At the intersection of the freedom of opinion, expression, peaceful assembly and association, the freedom of religion or belief stands as one of the fundamental tenets of the Universal Declaration of Human Rights. Unfortunately, even when such freedoms are part of the declared principles of some democracies, several groups and individuals keep being actively and/or structurally discriminated or targeted because of their religion or beliefs. Since 2019, the United Nations instituted an International Day Commemorating the Victims of Acts of Violence Based on Religion or Belief on the 22nd of August to tackle this issue. ALDA also tackles discrimination against religion or belief – and any other form of discrimination that may lead to hate crimes – through the STAND UP project.
Aside from the long history of religious discrimination in several countries (for example, the antisemitic component of Nazism during World War II), this International Day tries to respond to an alarming surge of discrimination and violence against certain religious groups in more recent times. For example, although they are not the only victims, there have been increasing instances of islamophobia in the USA and many European countries – what the Secretary-General of the UN has defined as an ‘epidemic of hatred’ – especially after major terrorist attacks. Indeed, anti-terrorism rhetoric can often be linked with hate and violence against certain religions. The institution of this International Day exactly one day after the pre-existing UN’s International Day of Remembrance of and Tribute to the Victims of Terrorism (21st of August) certainly attempts to prevent this risk.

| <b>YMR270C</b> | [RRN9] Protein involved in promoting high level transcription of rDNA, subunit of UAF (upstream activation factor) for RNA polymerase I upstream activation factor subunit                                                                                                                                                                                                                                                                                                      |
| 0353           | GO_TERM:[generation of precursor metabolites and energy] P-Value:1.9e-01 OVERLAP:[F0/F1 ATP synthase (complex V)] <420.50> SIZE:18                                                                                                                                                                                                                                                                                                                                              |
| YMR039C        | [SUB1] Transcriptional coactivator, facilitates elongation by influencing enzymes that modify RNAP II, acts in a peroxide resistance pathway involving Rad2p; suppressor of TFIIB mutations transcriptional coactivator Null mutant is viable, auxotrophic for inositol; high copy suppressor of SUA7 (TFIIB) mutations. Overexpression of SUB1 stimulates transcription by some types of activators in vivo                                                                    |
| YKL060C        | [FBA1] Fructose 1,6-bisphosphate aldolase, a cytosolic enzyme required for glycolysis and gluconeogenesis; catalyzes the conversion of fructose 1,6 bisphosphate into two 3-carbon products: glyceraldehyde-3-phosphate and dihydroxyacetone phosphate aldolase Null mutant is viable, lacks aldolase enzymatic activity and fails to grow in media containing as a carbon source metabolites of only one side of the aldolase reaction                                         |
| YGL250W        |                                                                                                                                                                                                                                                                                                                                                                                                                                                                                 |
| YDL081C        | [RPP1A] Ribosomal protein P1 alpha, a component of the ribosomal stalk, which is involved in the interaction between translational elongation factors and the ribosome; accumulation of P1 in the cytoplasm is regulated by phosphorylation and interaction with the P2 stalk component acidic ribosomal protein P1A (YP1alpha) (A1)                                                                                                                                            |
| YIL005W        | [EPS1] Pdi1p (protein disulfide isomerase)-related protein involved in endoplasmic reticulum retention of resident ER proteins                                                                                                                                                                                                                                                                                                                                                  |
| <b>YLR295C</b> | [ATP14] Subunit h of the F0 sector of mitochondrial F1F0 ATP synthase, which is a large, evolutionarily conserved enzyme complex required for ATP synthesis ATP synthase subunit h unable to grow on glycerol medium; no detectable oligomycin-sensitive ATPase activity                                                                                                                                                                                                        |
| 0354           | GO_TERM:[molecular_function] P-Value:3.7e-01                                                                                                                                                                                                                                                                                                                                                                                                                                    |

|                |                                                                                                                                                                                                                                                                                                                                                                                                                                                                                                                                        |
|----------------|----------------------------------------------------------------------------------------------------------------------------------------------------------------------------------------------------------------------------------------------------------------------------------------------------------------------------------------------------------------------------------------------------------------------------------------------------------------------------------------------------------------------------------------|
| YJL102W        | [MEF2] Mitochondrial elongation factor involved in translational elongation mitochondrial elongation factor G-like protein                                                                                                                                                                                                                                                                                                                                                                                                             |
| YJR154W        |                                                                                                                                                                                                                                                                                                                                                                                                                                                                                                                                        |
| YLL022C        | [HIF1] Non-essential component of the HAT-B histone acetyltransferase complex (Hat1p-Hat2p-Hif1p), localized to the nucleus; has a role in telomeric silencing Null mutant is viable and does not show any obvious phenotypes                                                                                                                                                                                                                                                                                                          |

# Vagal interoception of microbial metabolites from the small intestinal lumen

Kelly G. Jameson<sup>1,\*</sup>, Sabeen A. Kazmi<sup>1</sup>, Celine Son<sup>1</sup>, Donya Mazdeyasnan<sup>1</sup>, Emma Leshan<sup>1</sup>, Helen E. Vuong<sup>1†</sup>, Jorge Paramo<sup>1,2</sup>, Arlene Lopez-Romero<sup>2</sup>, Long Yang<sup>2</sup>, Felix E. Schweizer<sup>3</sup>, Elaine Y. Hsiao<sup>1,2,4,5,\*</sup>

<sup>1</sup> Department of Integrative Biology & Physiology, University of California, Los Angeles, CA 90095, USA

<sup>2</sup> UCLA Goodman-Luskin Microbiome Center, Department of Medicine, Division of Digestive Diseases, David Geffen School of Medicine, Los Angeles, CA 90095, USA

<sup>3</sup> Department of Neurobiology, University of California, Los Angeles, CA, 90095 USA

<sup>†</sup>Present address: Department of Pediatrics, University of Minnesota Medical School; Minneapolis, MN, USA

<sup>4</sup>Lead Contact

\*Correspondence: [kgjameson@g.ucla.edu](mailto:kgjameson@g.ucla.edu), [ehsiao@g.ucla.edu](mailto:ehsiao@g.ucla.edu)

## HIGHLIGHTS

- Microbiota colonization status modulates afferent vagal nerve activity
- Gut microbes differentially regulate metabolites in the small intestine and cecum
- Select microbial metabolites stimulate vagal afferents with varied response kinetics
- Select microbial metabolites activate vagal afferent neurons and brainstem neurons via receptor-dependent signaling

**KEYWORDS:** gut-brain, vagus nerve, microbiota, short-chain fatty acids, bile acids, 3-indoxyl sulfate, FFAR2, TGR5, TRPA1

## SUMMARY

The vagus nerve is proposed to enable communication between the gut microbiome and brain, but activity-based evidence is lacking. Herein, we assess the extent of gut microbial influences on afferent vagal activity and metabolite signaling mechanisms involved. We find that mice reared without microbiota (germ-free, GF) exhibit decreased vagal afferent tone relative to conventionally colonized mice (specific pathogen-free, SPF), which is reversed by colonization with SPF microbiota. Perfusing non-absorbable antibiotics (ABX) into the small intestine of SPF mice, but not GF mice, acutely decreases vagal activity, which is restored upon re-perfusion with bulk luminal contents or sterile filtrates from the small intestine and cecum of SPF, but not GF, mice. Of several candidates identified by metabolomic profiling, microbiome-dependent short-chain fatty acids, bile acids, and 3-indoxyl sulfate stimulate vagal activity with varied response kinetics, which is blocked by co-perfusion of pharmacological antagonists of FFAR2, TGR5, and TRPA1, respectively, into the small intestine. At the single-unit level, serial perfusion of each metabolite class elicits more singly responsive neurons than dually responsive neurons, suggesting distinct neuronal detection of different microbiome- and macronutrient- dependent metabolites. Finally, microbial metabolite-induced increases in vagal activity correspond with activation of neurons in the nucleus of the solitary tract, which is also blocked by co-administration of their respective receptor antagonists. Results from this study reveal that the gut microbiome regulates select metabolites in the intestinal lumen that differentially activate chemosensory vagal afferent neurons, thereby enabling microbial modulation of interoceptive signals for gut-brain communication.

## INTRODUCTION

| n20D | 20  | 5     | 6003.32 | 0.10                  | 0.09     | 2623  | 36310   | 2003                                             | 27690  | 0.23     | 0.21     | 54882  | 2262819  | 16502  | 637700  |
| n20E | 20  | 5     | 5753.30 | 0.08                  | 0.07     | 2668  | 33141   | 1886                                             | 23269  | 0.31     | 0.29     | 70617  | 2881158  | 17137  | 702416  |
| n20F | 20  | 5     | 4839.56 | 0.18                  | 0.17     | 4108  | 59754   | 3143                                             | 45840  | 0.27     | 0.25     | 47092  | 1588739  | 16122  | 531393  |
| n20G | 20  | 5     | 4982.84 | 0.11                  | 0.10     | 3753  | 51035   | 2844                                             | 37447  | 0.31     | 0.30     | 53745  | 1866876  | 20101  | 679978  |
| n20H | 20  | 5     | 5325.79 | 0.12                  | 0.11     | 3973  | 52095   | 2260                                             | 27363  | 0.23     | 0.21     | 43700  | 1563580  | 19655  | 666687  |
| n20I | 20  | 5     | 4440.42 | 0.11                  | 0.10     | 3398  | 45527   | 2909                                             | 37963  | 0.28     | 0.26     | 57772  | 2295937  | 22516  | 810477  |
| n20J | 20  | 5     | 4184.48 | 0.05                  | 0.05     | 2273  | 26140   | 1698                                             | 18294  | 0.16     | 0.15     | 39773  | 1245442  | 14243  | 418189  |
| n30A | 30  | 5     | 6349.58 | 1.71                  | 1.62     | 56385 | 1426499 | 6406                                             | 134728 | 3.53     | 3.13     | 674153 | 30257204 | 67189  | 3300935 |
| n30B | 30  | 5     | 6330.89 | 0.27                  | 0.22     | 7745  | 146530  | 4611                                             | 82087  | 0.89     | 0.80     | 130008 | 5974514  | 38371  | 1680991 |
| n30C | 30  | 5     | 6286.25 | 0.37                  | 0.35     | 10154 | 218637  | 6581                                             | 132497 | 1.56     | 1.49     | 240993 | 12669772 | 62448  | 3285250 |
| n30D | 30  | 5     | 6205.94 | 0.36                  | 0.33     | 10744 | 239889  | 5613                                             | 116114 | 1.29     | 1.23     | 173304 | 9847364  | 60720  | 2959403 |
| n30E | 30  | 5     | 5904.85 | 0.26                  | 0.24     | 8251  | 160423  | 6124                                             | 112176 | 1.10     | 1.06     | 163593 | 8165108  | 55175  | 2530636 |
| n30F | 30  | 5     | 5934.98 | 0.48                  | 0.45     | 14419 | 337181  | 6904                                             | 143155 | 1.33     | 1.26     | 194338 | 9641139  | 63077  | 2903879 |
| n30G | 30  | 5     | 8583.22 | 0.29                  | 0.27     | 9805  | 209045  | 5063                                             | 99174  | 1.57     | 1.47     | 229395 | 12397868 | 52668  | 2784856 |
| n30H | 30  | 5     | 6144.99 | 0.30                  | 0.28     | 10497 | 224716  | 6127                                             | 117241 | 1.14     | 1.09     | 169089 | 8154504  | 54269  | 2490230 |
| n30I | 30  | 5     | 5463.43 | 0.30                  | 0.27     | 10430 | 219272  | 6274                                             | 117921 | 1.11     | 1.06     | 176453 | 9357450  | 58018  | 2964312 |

Inclusiveness and non-discrimination represent key values of ALDA’s work and mission
In addition, the European Network Against Racism (ENAR) denounces how Islamophobia is often another form of racism rather than a criticism towards a religion per se. All those practising a religion are assumed to have certain opinions or behaviours that are seen as negative or threatening; and those linked to a social group or ethnicity are assumed to be practising that religion and to hold specific negative values. Thus, victims of islamophobia often simply belong to a certain ethnicity but are not even Muslims.
Instances of racism, xenophobia, religious discriminations and other forms of marginalisation clearly intersect in the phenomenon of the acts of violence based on religion or belief, be it Islam or other religions. In order to tackle the issue, an intersectional approach that takes into account different aspects of identity and combining discriminating factors is needed. ALDA is particularly active in employing such an approach against overt violence via STAND UP, a project that aims at improving the reporting and prevention of hate crimes through localised and flexible analyses of hate speech. ALDA is also implementing an anti-discriminatory policy with the purpose of becoming more inclusive and to avoid marginalisation because of religion, gender, sexuality, ethnicity, (dis)ability and other factors.